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First my apologies to the OP for hijacking your thread.. I'll be moving to the US with my golden and husband from France... I know I am going to sound ignorant and dumb here so I hope nobody takes offense.. I appreciate anyone who can educate me 🙏🏽 I have never lived in a country with pitbulls. I'm very scared of them and I'll admit I am not sure I can do much in a dog fight 🤦🏽‍♀️ I'm not the biggest and strongest of people , my husband would be better in these situations... We have leash laws in quite alot of places and sometimes people do not follow them - but generally it's labradors who are just running around (our neighborhood back in France has alot of labs). My golden has only ever interacted with labs and sled huskies in Norway that's it.

Do you guys really think I should be taking pepper spray around with me when I move to Portland, Oregon? Tasers? Stun guns? I'm not even sure I know how to use any of these things properly... The beaches and streets in your country are so beautiful, I never knew there could be potentially issues with pitbulls... 😟

Btw we can't carry pepper spray in France, and Norway it's illegal apparently... 😬
 

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My Rocky died of old age last October and I’m actively looking for another Golden. One thing has been on my mind lately so I thought I’d ask the forum: How aggressive can I get with a dog that attacks my Golden? I carry a real nasty pepper spray and have had to use it twice when 2 big dogs jumped on Rocky, (2 different occasions), but there are lots of Pit Bulls around and I’m not sure Pepper spray is enough. I am very protective and would kill a dog that attacked my dog, but that’s a bit much. Is there anything I can carry that would keep me out of the fight but would absolutely protect my new Golden?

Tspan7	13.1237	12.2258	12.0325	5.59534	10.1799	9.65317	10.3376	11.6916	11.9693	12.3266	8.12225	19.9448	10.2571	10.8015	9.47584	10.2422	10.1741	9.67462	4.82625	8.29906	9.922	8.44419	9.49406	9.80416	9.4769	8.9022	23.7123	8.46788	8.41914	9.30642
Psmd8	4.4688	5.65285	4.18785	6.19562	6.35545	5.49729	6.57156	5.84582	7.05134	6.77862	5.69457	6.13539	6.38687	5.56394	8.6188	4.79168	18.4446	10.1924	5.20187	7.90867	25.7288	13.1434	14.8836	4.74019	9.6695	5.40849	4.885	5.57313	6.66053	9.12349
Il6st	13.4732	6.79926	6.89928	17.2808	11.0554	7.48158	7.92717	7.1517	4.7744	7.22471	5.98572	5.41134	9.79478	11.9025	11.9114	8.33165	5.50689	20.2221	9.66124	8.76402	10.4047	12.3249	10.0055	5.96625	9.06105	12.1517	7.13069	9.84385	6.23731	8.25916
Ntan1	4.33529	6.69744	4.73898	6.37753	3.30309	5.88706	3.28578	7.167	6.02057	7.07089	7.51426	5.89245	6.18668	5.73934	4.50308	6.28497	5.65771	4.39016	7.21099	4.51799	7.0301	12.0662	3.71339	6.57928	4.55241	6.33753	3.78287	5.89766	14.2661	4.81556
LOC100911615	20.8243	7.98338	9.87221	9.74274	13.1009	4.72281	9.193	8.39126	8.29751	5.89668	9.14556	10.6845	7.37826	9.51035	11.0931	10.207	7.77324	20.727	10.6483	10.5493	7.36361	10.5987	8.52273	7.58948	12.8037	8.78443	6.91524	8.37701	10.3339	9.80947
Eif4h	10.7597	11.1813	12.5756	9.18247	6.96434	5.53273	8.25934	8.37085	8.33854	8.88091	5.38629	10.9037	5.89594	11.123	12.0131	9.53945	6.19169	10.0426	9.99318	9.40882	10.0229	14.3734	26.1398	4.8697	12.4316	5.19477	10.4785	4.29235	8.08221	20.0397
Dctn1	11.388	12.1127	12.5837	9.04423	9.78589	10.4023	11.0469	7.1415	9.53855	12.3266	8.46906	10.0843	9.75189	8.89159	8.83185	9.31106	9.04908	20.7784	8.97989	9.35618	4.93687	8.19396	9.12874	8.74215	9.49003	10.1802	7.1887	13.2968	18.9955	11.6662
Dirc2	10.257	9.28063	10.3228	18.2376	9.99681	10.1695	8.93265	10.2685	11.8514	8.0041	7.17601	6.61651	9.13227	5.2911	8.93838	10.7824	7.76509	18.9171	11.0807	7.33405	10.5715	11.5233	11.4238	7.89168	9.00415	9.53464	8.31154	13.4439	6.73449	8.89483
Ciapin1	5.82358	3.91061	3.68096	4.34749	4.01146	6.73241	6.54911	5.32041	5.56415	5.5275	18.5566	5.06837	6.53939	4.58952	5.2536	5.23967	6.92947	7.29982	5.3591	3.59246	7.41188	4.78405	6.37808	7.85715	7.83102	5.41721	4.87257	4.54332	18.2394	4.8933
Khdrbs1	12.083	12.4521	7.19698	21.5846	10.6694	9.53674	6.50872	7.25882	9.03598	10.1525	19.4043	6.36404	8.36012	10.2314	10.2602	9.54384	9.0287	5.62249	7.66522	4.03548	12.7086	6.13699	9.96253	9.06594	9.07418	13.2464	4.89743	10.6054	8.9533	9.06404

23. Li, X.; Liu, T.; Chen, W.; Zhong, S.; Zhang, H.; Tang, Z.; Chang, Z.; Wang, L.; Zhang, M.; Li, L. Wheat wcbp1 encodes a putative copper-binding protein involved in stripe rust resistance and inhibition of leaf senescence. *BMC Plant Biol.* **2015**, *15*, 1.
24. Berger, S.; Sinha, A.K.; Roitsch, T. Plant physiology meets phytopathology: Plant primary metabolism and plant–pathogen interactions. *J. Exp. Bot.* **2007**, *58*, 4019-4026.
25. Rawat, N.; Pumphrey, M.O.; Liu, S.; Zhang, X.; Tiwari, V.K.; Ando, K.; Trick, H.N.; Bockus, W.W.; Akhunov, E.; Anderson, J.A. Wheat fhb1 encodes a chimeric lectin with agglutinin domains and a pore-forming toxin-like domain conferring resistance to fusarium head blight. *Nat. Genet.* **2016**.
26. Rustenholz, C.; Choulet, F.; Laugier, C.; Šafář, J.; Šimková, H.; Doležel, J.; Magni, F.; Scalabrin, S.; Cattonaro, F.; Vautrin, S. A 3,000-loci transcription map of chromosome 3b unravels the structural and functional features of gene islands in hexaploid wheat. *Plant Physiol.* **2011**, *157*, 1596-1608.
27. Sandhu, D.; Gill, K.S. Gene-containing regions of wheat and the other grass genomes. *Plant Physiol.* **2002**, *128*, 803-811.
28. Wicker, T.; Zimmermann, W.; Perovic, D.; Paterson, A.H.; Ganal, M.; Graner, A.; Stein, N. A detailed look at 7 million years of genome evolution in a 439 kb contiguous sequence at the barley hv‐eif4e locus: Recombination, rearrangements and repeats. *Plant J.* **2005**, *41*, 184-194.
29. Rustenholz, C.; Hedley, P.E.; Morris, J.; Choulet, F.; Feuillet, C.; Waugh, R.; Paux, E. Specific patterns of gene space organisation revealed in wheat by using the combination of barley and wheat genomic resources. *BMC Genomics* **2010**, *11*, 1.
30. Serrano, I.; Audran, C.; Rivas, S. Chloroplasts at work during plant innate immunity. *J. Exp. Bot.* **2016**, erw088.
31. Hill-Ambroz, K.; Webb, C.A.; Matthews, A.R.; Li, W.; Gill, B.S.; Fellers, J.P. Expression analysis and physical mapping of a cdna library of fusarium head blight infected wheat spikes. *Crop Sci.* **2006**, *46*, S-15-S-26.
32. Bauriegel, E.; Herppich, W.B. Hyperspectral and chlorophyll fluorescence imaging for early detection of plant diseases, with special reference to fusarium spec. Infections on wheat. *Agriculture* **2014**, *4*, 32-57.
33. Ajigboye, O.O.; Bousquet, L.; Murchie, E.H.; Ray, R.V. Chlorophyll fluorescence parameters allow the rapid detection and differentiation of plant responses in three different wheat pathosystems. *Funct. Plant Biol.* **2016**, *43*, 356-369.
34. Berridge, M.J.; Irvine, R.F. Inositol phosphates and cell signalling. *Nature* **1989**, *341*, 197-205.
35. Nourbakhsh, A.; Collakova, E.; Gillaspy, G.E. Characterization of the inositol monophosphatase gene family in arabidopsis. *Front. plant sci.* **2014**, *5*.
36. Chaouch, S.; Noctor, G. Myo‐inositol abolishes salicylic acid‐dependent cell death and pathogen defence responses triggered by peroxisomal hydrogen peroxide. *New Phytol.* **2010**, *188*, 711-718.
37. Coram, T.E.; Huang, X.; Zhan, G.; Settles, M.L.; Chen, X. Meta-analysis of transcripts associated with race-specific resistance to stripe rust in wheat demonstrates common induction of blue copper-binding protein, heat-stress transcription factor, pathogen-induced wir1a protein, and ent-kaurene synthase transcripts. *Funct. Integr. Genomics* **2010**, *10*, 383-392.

Hopefully you already have, but if not, Quit going places where you know there are aggressive dogs.

I am always armed with at least a 9mm handgun, which I am proficient with.
Very nearly had to use it on a dog several months ago. A pit bull mix of course.

Better be certian it is justified if you ever shoot a dog.
 
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First my apologies to the OP for hijacking your thread.. I'll be moving to the US with my golden and husband from France... I know I am going to sound ignorant and dumb here so I hope nobody takes offense.. I appreciate anyone who can educate me 🙏🏽 I have never lived in a country with pitbulls. I'm very scared of them and I'll admit I am not sure I can do much in a dog fight 🤦🏽‍♀️ I'm not the biggest and strongest of people , my husband would be better in these situations... We have leash laws in quite alot of places and sometimes people do not follow them - but generally it's labradors who are just running around (our neighborhood back in France has alot of labs). My golden has only ever interacted with labs and sled huskies in Norway that's it.